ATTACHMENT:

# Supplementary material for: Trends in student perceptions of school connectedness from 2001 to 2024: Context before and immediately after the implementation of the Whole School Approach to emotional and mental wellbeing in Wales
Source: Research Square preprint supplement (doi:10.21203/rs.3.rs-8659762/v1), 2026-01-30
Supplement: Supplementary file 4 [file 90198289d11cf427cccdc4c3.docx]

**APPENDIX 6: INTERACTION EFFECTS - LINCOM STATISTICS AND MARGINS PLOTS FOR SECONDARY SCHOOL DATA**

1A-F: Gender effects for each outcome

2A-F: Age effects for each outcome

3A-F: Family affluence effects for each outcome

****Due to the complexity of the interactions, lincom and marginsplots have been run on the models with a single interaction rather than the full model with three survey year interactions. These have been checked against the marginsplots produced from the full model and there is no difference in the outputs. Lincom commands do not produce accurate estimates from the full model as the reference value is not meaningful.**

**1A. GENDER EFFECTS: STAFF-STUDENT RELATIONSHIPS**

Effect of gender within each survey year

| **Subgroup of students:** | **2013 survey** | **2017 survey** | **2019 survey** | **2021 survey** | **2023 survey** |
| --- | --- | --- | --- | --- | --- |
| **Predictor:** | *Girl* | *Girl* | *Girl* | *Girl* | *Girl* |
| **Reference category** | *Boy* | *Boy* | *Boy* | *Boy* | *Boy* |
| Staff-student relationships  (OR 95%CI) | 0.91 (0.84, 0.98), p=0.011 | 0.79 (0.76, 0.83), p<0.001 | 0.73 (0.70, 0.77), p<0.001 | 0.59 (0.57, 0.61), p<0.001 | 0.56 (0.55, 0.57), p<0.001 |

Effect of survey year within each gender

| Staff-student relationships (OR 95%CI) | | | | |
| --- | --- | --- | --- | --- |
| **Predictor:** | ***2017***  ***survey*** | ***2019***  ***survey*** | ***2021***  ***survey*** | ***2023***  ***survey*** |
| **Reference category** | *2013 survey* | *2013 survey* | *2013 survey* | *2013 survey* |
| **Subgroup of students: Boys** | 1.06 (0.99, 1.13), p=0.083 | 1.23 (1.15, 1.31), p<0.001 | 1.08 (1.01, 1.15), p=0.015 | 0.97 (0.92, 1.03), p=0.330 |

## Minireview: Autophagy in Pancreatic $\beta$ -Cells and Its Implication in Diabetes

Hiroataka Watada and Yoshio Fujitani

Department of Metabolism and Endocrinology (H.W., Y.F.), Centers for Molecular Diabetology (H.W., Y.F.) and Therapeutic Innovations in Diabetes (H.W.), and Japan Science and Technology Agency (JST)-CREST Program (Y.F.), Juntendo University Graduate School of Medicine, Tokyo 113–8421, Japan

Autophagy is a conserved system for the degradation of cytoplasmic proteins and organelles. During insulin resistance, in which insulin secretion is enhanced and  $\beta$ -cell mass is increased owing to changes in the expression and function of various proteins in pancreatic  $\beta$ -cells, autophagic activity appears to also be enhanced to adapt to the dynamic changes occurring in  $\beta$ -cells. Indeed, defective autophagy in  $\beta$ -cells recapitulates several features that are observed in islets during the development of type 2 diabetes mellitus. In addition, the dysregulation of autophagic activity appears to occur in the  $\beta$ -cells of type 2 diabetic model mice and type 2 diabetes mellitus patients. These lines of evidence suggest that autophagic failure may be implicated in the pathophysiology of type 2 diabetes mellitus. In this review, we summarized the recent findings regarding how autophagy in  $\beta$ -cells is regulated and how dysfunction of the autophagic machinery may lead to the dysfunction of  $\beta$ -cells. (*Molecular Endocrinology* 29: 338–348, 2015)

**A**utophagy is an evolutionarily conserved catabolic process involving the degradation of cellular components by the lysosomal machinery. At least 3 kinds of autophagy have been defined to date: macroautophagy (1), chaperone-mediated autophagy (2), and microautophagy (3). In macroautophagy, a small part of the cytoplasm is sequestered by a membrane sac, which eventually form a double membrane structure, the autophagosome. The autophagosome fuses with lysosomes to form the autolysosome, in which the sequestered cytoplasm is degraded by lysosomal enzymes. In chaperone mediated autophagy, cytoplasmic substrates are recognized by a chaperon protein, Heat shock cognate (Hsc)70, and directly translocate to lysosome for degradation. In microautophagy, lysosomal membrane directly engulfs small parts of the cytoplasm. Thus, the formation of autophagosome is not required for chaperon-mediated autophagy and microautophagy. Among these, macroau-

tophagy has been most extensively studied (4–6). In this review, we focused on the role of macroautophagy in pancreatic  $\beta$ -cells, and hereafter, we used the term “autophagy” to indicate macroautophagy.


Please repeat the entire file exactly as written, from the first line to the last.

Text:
# Supplementary material for: Trends in student perceptions of school connectedness from 2001 to 2024: Context before and immediately after the implementation of the Whole School Approach to emotional and mental wellbeing in Wales
Source: Research Square preprint supplement (doi:10.21203/rs.3.rs-8659762/v1), 2026-01-30
Supplement: Supplementary file 4 [file 90198289d11cf427cccdc4c3.docx]

**APPENDIX 6: INTERACTION EFFECTS - LINCOM STATISTICS AND MARGINS PLOTS FOR SECONDARY SCHOOL DATA**

1A-F: Gender effects for each outcome

2A-F: Age effects for each outcome

3A-F: Family affluence effects for each outcome

****Due to the complexity of the interactions, lincom and marginsplots have been run on the models with a single interaction rather than the full model with three survey year interactions. These have been checked against the marginsplots produced from the full model and there is no difference in the outputs. Lincom commands do not produce accurate estimates from the full model as the reference value is not meaningful.**

**1A. GENDER EFFECTS: STAFF-STUDENT RELATIONSHIPS**

Effect of gender within each survey year

| **Subgroup of students:** | **2013 survey** | **2017 survey** | **2019 survey** | **2021 survey** | **2023 survey** |
| --- | --- | --- | --- | --- | --- |
| **Predictor:** | *Girl* | *Girl* | *Girl* | *Girl* | *Girl* |
| **Reference category** | *Boy* | *Boy* | *Boy* | *Boy* | *Boy* |
| Staff-student relationships  (OR 95%CI) | 0.91 (0.84, 0.98), p=0.011 | 0.79 (0.76, 0.83), p<0.001 | 0.73 (0.70, 0.77), p<0.001 | 0.59 (0.57, 0.61), p<0.001 | 0.56 (0.55, 0.57), p<0.001 |

Effect of survey year within each gender

| Staff-student relationships (OR 95%CI) | | | | |
| --- | --- | --- | --- | --- |
| **Predictor:** | ***2017***  ***survey*** | ***2019***  ***survey*** | ***2021***  ***survey*** | ***2023***  ***survey*** |
| **Reference category** | *2013 survey* | *2013 survey* | *2013 survey* | *2013 survey* |
| **Subgroup of students: Boys** | 1.06 (0.99, 1.13), p=0.083 | 1.23 (1.15, 1.31), p<0.001 | 1.08 (1.01, 1.15), p=0.015 | 0.97 (0.92, 1.03), p=0.330 |

## Minireview: Autophagy in Pancreatic $\beta$ -Cells and Its Implication in Diabetes

Hiroataka Watada and Yoshio Fujitani

Department of Metabolism and Endocrinology (H.W., Y.F.), Centers for Molecular Diabetology (H.W., Y.F.) and Therapeutic Innovations in Diabetes (H.W.), and Japan Science and Technology Agency (JST)-CREST Program (Y.F.), Juntendo University Graduate School of Medicine, Tokyo 113–8421, Japan

Autophagy is a conserved system for the degradation of cytoplasmic proteins and organelles. During insulin resistance, in which insulin secretion is enhanced and  $\beta$ -cell mass is increased owing to changes in the expression and function of various proteins in pancreatic  $\beta$ -cells, autophagic activity appears to also be enhanced to adapt to the dynamic changes occurring in  $\beta$ -cells. Indeed, defective autophagy in  $\beta$ -cells recapitulates several features that are observed in islets during the development of type 2 diabetes mellitus. In addition, the dysregulation of autophagic activity appears to occur in the  $\beta$ -cells of type 2 diabetic model mice and type 2 diabetes mellitus patients. These lines of evidence suggest that autophagic failure may be implicated in the pathophysiology of type 2 diabetes mellitus. In this review, we summarized the recent findings regarding how autophagy in  $\beta$ -cells is regulated and how dysfunction of the autophagic machinery may lead to the dysfunction of  $\beta$ -cells. (*Molecular Endocrinology* 29: 338–348, 2015)

**A**utophagy is an evolutionarily conserved catabolic process involving the degradation of cellular components by the lysosomal machinery. At least 3 kinds of autophagy have been defined to date: macroautophagy (1), chaperone-mediated autophagy (2), and microautophagy (3). In macroautophagy, a small part of the cytoplasm is sequestered by a membrane sac, which eventually form a double membrane structure, the autophagosome. The autophagosome fuses with lysosomes to form the autolysosome, in which the sequestered cytoplasm is degraded by lysosomal enzymes. In chaperone mediated autophagy, cytoplasmic substrates are recognized by a chaperon protein, Heat shock cognate (Hsc)70, and directly translocate to lysosome for degradation. In microautophagy, lysosomal membrane directly engulfs small parts of the cytoplasm. Thus, the formation of autophagosome is not required for chaperon-mediated autophagy and microautophagy. Among these, macroau-

tophagy has been most extensively studied (4–6). In this review, we focused on the role of macroautophagy in pancreatic  $\beta$ -cells, and hereafter, we used the term “autophagy” to indicate macroautophagy.